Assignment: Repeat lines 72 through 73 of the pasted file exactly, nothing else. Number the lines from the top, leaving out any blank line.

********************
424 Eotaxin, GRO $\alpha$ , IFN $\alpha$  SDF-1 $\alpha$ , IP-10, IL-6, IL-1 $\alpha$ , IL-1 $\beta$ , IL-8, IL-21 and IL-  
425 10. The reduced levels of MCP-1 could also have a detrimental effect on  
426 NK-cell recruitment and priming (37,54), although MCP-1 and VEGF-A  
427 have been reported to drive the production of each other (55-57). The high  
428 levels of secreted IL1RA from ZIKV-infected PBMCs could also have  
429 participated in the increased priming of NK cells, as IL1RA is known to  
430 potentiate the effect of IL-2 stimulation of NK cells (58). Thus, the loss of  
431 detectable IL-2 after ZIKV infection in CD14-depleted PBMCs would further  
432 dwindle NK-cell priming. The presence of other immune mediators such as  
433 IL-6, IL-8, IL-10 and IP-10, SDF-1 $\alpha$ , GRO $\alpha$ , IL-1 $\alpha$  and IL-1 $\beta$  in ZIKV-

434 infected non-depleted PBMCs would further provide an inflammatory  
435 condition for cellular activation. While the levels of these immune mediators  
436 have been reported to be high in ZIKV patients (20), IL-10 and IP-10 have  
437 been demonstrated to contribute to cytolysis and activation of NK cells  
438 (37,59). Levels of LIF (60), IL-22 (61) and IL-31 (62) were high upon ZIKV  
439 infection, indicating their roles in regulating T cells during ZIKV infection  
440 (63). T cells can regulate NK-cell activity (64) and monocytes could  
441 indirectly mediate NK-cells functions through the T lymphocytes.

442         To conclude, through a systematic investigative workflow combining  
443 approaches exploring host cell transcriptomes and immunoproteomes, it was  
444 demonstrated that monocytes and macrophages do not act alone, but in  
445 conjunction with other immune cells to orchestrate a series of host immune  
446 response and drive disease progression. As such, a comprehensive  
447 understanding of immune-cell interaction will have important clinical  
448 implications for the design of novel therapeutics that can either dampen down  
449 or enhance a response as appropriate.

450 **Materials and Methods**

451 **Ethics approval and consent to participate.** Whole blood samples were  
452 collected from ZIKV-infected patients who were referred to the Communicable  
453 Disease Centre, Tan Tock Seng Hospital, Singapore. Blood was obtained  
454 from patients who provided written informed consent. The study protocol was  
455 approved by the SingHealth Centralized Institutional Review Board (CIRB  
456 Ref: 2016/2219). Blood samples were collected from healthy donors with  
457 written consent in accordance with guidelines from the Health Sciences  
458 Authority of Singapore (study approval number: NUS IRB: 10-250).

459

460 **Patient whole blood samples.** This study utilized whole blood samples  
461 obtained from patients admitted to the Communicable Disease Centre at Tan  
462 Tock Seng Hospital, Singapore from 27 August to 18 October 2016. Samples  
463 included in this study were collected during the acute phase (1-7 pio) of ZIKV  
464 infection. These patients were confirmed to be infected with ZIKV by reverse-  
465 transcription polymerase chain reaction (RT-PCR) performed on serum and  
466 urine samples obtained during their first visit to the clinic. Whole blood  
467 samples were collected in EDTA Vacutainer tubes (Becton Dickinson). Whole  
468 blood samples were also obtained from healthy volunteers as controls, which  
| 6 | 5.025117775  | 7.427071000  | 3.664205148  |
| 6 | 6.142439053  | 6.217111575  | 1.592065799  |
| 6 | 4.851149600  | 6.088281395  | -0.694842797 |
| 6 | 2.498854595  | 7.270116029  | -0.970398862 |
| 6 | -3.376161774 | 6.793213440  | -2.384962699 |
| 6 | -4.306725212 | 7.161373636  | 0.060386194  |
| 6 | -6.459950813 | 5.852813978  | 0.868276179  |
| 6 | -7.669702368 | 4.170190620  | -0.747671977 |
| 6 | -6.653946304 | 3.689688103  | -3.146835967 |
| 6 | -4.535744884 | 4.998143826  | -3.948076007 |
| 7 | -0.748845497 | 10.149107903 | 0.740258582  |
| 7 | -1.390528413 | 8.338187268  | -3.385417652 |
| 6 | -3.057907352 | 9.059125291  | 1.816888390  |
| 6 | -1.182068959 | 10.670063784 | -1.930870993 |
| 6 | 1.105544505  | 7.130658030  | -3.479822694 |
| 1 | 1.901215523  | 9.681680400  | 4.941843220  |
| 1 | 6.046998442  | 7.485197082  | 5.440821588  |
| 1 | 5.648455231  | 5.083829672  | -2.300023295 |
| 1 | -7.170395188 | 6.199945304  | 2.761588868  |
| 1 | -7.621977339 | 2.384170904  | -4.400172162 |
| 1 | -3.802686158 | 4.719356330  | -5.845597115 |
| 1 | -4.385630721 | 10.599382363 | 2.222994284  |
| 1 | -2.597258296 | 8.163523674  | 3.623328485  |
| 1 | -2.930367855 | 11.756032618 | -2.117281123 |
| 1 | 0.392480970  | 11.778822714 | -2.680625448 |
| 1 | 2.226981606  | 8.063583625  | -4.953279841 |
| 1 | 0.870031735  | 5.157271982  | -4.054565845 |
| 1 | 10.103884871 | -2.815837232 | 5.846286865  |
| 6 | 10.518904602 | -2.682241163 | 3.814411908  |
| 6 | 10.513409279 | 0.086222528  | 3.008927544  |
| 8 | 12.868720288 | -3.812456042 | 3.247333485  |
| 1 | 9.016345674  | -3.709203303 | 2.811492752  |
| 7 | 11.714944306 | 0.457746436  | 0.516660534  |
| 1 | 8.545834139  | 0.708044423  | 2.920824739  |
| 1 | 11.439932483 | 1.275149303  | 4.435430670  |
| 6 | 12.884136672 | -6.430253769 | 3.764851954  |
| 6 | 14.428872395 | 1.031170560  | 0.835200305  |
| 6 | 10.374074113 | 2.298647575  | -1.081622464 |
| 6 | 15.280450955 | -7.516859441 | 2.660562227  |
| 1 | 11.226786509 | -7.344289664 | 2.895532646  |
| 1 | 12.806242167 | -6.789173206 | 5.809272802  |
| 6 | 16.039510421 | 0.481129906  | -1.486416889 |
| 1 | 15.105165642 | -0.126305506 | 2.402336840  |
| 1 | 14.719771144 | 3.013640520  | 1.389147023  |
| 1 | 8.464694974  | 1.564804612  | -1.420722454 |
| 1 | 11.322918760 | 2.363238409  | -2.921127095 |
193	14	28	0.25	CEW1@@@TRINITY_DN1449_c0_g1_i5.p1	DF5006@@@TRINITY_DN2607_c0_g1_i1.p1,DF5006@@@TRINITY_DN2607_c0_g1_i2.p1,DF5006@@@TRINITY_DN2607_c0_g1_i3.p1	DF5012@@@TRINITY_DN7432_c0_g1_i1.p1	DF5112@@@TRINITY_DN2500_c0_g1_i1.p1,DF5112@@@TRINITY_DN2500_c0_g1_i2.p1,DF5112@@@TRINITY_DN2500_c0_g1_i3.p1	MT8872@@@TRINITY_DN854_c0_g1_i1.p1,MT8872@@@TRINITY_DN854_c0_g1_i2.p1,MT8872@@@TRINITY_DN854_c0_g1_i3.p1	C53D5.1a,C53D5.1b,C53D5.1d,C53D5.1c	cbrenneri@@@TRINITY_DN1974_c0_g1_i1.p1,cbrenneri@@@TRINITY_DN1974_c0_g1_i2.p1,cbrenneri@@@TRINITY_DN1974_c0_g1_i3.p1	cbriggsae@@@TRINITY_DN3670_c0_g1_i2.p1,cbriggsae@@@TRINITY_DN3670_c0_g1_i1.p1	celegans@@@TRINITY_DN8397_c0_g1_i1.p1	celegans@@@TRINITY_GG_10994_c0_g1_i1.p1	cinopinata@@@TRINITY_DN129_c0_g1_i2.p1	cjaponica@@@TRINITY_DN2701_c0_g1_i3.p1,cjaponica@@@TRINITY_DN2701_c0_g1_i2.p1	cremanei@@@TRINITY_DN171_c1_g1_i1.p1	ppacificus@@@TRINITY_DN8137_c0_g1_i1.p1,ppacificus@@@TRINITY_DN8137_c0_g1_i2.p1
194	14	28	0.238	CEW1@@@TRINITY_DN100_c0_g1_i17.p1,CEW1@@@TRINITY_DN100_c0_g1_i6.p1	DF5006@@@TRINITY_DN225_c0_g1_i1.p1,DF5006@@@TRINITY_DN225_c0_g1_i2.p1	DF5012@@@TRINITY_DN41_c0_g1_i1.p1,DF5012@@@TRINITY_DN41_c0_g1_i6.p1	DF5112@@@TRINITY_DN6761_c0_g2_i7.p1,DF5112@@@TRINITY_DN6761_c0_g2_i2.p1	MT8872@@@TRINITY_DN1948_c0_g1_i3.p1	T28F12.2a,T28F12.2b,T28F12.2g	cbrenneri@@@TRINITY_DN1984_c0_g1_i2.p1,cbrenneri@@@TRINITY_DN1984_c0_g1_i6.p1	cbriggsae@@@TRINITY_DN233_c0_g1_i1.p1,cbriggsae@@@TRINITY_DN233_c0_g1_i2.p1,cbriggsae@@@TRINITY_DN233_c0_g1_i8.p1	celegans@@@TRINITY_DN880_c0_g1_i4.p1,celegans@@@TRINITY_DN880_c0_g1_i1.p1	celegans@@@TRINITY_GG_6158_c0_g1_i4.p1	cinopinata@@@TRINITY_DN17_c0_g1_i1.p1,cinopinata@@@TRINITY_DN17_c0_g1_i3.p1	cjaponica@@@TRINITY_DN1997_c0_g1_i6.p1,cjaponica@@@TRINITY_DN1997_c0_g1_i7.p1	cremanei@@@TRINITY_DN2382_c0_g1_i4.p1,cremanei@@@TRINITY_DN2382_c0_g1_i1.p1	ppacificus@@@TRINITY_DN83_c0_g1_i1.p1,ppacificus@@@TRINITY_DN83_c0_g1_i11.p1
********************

| 1 | 0.870031735  | 5.157271982  | -4.054565845 |
| 1 | 10.103884871 | -2.815837232 | 5.846286865  |